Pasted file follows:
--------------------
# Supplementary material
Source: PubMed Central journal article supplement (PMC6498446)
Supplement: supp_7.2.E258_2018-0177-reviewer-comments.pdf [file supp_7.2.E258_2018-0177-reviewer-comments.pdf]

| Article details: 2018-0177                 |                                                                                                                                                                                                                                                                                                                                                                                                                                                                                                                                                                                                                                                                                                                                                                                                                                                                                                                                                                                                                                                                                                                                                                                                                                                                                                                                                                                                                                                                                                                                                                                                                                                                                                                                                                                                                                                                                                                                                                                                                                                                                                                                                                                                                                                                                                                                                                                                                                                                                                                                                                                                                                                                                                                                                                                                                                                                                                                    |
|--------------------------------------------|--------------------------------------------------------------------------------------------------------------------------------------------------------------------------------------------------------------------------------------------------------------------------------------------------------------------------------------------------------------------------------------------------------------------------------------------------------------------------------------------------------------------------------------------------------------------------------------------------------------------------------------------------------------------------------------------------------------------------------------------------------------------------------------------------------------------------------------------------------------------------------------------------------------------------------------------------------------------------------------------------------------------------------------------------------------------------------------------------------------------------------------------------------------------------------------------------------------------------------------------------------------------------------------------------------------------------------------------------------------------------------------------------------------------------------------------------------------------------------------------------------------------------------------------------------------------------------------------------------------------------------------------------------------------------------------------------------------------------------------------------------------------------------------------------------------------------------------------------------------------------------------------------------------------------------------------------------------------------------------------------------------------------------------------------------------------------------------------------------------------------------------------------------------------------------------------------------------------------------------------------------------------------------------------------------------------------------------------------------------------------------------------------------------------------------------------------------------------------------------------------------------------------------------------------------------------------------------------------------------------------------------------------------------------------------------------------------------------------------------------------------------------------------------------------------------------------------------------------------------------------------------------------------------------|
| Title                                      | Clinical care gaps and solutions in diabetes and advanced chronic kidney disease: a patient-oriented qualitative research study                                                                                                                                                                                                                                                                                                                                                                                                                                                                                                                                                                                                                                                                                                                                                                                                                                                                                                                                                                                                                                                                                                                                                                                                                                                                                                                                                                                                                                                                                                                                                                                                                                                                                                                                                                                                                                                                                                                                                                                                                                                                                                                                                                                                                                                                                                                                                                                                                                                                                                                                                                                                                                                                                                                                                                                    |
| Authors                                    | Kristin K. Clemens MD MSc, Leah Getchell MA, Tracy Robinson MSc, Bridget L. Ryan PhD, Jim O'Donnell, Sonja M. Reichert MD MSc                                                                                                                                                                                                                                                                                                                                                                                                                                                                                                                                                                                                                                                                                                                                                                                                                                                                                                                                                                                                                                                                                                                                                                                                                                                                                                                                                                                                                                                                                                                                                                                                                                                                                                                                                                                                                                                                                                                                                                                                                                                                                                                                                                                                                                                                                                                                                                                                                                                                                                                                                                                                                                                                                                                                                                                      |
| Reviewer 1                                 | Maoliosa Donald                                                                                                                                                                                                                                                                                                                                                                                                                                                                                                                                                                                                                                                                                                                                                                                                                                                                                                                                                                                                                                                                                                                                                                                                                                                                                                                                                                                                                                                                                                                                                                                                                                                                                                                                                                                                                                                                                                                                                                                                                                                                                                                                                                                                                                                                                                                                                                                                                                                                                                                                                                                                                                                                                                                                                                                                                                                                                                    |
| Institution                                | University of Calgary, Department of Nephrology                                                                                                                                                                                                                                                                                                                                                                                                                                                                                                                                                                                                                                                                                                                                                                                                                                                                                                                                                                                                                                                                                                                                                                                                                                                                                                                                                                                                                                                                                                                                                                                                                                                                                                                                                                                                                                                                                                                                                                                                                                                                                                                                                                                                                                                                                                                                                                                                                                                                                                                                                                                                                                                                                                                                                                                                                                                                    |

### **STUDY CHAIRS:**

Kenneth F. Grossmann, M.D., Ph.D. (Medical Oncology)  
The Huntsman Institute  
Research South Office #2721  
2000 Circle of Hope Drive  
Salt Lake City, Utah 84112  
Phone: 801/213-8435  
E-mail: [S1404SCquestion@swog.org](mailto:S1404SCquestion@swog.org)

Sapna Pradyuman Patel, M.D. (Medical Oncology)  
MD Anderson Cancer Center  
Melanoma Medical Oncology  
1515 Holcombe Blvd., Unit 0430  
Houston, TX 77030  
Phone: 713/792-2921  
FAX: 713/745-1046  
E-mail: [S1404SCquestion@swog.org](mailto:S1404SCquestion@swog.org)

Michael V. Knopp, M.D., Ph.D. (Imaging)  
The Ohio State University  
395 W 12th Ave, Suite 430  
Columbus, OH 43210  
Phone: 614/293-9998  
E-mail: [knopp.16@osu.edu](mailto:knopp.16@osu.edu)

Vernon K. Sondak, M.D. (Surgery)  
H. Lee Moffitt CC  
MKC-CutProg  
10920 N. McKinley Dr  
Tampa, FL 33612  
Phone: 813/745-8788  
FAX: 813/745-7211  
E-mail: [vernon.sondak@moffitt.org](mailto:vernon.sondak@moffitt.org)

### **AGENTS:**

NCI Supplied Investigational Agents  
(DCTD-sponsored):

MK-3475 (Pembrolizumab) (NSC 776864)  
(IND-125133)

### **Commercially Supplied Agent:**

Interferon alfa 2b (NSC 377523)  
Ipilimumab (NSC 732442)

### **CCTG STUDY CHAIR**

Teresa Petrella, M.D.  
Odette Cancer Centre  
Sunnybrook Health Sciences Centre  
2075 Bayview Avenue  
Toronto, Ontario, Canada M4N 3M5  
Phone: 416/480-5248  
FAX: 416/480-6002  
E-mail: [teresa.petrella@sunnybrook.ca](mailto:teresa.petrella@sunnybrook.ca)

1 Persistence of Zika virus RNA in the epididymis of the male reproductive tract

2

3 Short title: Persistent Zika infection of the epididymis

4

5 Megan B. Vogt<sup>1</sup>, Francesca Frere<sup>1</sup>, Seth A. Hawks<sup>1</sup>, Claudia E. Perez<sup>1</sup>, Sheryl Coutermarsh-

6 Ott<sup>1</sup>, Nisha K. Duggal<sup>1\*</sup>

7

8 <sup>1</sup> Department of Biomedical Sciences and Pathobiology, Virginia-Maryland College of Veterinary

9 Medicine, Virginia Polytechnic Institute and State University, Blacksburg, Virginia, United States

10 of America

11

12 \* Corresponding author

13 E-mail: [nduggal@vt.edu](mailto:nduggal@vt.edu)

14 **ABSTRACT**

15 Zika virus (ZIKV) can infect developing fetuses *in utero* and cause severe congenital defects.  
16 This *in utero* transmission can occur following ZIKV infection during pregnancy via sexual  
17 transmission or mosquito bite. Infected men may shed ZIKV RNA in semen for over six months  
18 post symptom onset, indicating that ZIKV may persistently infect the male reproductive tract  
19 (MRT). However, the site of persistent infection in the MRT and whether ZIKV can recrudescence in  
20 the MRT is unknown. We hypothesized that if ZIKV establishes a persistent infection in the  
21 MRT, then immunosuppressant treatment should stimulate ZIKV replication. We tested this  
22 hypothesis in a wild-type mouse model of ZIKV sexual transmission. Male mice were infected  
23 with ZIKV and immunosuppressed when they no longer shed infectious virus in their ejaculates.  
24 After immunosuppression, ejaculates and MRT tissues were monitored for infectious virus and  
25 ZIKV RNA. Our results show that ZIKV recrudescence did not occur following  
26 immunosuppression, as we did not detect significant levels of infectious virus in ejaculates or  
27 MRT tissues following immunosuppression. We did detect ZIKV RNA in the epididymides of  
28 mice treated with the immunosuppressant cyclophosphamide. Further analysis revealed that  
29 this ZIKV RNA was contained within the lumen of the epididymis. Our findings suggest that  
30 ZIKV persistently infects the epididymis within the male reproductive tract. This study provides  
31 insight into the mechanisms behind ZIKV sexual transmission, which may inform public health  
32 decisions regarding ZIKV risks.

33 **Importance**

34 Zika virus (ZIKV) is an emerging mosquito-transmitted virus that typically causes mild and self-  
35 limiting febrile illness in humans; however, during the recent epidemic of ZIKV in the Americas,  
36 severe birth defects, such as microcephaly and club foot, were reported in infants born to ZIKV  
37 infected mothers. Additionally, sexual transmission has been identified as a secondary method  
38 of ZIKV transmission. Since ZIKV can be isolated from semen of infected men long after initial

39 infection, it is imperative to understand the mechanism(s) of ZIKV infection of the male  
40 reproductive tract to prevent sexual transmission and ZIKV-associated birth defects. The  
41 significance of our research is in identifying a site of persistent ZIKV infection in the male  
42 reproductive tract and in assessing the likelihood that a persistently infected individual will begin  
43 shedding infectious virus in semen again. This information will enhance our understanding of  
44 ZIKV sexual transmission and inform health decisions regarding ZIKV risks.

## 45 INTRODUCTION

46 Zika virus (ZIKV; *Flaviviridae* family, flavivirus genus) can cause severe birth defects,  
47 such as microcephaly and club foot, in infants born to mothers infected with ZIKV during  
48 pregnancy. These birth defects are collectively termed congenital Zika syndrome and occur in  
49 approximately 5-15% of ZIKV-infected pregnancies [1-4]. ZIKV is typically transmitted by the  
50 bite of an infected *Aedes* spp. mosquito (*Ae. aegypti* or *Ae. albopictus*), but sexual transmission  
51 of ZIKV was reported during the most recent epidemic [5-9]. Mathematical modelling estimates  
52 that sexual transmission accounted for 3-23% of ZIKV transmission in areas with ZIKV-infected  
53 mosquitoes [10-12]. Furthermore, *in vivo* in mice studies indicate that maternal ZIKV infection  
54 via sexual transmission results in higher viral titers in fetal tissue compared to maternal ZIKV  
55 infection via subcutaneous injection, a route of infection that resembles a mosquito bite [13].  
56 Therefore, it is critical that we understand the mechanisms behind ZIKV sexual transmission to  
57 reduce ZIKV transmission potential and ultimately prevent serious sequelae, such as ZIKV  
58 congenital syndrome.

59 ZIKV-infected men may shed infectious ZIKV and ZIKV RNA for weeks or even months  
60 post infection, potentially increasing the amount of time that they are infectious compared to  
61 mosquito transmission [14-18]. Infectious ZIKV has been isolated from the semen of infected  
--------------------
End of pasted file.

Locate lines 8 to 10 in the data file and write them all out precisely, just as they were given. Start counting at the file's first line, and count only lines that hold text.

| Reviewer 1                                 | Maoliosa Donald                                                                                                                                                                                                                                                                                                                                                                                                                                                                                                                                                                                                                                                                                                                                                                                                                                                                                                                                                                                                                                                                                                                                                                                                                                                                                                                                                                                                                                                                                                                                                                                                                                                                                                                                                                                                                                                                                                                                                                                                                                                                                                                                                                                                                                                                                                                                                                                                                                                                                                                                                                                                                                                                                                                                                                                                                                                                                                    |
| Institution                                | University of Calgary, Department of Nephrology                                                                                                                                                                                                                                                                                                                                                                                                                                                                                                                                                                                                                                                                                                                                                                                                                                                                                                                                                                                                                                                                                                                                                                                                                                                                                                                                                                                                                                                                                                                                                                                                                                                                                                                                                                                                                                                                                                                                                                                                                                                                                                                                                                                                                                                                                                                                                                                                                                                                                                                                                                                                                                                                                                                                                                                                                                                                    |

### **STUDY CHAIRS:**